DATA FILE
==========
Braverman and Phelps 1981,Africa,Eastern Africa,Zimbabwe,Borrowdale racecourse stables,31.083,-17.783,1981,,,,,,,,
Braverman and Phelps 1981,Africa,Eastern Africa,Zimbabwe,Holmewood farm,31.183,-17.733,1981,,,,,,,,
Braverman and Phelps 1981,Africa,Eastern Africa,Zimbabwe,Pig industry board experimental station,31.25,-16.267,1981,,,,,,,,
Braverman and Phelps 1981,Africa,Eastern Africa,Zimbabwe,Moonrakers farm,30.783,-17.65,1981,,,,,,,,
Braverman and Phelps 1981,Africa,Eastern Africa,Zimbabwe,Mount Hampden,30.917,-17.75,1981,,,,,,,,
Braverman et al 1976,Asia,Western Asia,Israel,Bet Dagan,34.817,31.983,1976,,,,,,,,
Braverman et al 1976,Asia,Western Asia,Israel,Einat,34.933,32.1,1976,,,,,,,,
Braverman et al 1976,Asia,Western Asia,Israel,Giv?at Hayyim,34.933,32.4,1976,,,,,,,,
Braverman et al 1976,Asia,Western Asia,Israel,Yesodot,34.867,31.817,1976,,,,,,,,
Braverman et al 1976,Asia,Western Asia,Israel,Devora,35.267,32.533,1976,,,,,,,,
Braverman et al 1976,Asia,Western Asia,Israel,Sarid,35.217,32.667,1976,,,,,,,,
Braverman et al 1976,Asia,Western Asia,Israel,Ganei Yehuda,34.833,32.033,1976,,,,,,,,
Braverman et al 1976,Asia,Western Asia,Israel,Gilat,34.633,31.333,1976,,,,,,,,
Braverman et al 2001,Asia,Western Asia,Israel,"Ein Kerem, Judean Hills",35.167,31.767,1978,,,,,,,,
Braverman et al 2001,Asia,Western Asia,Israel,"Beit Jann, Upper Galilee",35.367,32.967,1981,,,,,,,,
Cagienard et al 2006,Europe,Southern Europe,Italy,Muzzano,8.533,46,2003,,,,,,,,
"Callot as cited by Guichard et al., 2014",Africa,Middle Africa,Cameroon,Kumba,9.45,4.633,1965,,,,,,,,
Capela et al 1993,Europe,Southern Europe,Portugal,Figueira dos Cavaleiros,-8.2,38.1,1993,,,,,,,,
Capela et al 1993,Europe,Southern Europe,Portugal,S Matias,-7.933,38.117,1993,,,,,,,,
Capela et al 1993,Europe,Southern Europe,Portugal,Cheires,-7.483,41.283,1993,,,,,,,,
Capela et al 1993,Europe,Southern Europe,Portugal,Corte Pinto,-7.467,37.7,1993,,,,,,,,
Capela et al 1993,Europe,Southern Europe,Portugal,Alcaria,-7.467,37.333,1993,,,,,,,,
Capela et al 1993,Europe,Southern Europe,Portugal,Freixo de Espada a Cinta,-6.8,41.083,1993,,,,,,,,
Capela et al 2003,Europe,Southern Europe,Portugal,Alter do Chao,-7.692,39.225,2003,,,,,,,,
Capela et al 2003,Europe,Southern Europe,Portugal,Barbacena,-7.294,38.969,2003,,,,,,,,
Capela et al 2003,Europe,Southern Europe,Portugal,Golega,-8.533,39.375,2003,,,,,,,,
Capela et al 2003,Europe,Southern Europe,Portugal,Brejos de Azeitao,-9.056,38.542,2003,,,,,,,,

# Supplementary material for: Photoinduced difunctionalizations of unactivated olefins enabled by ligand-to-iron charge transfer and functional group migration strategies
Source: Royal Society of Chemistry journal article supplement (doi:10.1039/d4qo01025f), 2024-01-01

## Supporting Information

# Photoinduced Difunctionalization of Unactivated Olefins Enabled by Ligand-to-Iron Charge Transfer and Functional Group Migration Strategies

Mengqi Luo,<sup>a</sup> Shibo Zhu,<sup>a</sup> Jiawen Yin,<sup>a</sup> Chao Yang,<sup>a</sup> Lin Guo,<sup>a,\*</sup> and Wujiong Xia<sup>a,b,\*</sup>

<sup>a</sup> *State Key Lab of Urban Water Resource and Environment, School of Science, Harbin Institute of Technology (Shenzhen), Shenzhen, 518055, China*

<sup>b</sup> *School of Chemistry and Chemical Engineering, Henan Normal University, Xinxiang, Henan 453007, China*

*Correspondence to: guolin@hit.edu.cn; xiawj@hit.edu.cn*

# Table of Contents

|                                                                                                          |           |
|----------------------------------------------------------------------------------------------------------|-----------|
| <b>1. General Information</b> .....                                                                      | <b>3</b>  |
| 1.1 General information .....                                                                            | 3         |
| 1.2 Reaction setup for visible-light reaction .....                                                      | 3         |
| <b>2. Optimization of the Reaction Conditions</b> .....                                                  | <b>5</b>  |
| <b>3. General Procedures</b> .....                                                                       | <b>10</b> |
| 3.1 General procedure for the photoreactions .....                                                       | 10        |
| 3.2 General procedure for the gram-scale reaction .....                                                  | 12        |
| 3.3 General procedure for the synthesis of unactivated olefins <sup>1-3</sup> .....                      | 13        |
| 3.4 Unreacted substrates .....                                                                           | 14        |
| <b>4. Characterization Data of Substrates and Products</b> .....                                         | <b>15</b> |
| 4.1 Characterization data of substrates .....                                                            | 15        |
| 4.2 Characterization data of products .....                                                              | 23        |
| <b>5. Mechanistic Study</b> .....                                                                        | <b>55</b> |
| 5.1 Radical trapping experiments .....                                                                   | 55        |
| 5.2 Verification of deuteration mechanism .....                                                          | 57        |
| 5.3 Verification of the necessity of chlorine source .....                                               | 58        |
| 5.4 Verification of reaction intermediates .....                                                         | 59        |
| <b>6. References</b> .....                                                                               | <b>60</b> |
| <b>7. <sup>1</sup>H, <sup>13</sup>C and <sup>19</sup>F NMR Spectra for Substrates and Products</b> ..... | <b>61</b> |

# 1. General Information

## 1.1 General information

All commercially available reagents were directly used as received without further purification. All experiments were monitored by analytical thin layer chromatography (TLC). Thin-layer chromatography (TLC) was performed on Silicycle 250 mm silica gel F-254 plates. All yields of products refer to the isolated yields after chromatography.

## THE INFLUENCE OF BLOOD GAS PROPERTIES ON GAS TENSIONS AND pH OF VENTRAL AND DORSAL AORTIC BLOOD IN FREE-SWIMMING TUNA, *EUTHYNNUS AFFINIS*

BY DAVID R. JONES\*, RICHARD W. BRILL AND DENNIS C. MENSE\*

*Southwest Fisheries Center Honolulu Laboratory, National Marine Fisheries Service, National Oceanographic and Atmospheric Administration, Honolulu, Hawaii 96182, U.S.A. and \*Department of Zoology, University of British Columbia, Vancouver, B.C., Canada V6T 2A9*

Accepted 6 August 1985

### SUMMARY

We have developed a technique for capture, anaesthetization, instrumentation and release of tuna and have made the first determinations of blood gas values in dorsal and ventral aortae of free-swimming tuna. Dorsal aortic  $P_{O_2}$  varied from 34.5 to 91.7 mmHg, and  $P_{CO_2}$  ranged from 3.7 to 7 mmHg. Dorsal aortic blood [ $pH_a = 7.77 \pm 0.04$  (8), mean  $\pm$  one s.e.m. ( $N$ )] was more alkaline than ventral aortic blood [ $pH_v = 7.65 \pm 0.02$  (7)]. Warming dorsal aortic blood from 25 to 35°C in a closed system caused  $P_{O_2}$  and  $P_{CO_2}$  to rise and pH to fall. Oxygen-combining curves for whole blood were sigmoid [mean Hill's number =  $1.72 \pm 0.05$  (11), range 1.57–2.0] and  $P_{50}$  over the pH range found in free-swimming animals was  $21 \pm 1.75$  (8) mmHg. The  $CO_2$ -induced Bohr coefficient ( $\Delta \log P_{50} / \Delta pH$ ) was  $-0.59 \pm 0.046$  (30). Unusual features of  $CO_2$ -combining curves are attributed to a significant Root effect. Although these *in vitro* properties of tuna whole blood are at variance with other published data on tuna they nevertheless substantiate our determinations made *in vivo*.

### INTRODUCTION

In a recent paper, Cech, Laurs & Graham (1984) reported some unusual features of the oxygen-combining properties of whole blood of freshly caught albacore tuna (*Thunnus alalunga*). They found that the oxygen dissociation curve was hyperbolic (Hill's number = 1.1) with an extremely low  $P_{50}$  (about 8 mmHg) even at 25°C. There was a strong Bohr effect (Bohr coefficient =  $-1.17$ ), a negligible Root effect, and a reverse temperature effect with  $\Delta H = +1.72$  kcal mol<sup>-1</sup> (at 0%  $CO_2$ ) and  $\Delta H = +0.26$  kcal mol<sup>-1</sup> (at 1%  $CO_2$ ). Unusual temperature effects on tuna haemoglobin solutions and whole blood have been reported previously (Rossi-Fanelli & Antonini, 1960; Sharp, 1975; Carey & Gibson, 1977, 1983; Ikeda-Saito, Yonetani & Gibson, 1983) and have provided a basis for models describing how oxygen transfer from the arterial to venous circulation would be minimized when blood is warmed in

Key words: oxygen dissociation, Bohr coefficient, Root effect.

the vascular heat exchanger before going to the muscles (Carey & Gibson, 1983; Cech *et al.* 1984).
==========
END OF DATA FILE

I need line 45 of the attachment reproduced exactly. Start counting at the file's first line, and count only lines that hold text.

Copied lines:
| 3.2 General procedure for the gram-scale reaction .....                                                  | 12        |